Either I’m going soft or I’m getting lucky. I’ve listened to two very good podcasts in the past 24 hours and am spending Saturday morning writing them up. The first was the conversation between Moshe Milevsky and Steffan Lundbergh which you can find here. The second is a conversation between Darren Philp, Nico Aspinall and Jenny Segal which you can find here.
I have not always been a fan of these podcasts but I have listened to all fifteen hours and I congratulate the lads on stick ability, they tell us that 75% of podcasts don’t make it to ten episodes and they’ve made 15. The one with Jenny Segal is the best – not just because of Jenny Segal, but because there is more interest, more humor and more balance. We learn about pensions but also about work. Work is boring, pensions are boring but this podcast isn’t.
Segal has that rare gift of combining emotional and intellectual intelligence which makes for fantastic listening. Her take on value for money is that creating simple measures stops people spending time worrying about pensions. Rather than aspiring to have the best pension (or be the best pension), consumers and providers can get on with doing what pensions do with a common purpose and common values.
She describes herself as an “introvert who likes people” and much of the podcast is taken up with how she has developed from wanting to be a doctor to becoming an actuary to thinking and writing about how people work.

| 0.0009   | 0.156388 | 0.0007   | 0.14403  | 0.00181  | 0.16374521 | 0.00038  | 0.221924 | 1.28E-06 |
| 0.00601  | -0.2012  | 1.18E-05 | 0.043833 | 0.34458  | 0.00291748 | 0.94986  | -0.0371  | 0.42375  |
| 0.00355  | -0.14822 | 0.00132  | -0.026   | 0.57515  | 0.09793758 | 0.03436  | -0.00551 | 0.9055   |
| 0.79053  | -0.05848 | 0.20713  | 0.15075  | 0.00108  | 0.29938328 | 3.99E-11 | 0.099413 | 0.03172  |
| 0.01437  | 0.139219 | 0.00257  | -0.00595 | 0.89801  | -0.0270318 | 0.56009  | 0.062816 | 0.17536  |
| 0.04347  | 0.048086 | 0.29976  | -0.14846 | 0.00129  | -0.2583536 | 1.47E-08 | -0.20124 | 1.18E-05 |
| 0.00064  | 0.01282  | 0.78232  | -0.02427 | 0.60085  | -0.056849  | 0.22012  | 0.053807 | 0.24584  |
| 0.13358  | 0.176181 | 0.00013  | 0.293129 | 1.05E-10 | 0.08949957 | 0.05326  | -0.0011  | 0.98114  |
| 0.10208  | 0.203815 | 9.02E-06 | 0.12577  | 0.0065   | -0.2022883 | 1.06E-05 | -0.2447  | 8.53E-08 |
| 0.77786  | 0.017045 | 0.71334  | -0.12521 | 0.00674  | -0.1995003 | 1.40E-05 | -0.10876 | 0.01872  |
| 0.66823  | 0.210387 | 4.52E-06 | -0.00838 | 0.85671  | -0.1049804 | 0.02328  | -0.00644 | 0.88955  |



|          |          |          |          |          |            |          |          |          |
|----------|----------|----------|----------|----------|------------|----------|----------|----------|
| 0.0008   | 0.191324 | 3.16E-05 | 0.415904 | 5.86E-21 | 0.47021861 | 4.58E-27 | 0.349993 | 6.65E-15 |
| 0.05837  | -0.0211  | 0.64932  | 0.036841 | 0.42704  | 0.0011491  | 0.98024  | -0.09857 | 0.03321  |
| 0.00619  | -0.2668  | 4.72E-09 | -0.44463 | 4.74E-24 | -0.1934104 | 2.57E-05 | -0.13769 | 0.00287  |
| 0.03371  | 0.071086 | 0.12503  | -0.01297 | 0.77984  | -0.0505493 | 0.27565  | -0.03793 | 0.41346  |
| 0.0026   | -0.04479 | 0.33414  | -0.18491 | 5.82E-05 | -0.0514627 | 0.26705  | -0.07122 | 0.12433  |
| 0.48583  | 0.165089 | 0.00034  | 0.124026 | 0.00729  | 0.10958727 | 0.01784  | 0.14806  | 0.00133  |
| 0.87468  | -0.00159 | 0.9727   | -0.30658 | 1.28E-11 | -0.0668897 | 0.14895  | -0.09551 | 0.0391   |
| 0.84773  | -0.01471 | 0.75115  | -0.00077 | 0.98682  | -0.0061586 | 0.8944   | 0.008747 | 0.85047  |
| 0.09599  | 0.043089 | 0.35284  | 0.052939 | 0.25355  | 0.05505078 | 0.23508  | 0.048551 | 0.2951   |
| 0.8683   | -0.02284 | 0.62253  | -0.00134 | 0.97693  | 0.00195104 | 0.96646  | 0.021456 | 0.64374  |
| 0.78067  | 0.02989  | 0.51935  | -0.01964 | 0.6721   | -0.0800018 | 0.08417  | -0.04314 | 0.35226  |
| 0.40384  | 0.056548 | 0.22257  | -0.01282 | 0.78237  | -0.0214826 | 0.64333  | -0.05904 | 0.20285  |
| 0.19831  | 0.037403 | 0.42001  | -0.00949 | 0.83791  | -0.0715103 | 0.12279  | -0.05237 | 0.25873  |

There is something very healthy by the way she gets on with it on this podcast, and she is keen to get others to get on with it too, she thinks that people should be satisfiers and that employers who buy workplace pensions for their staff should be satisfied they have done their job rather than worrying that they could do better for their staff.
This is a very rare thing for an adviser to say , because most advisers do not think in terms of thresholds above which everything is the right answer but of selections where there is only one right answer. I have been trying to draw this distinction about the VFM framework, it is a satisfier not a maximiser (to use Nico’s terms). And that is the insight that Jenny brings to the podcast about pensions and VFM.
If I came for that insight, I stayed for the rant against the bureaucracy that surrounds the consumer’s experience of pensions. Paranoia that an omission may lead to litigation, pension regulation demands we throw the book at our customers by way of risk warnings and elaborate explanations. I expect that Jenny has seen the net performance and cost and charges tables that litter trustee and IGC chair statements.
If we can get to three RAG tests that help people understand how their pot has grown, the quality of service they’ve been getting and what their charges have been buying them, then I think she would be happy. We need to speak with images.
Jenny says she wants to change the world- well she changed mine just that little bit. It’s nice to say good things about the VFM podcast this week and next week we have Jo Cumbo, so I expect to say some more next weekend.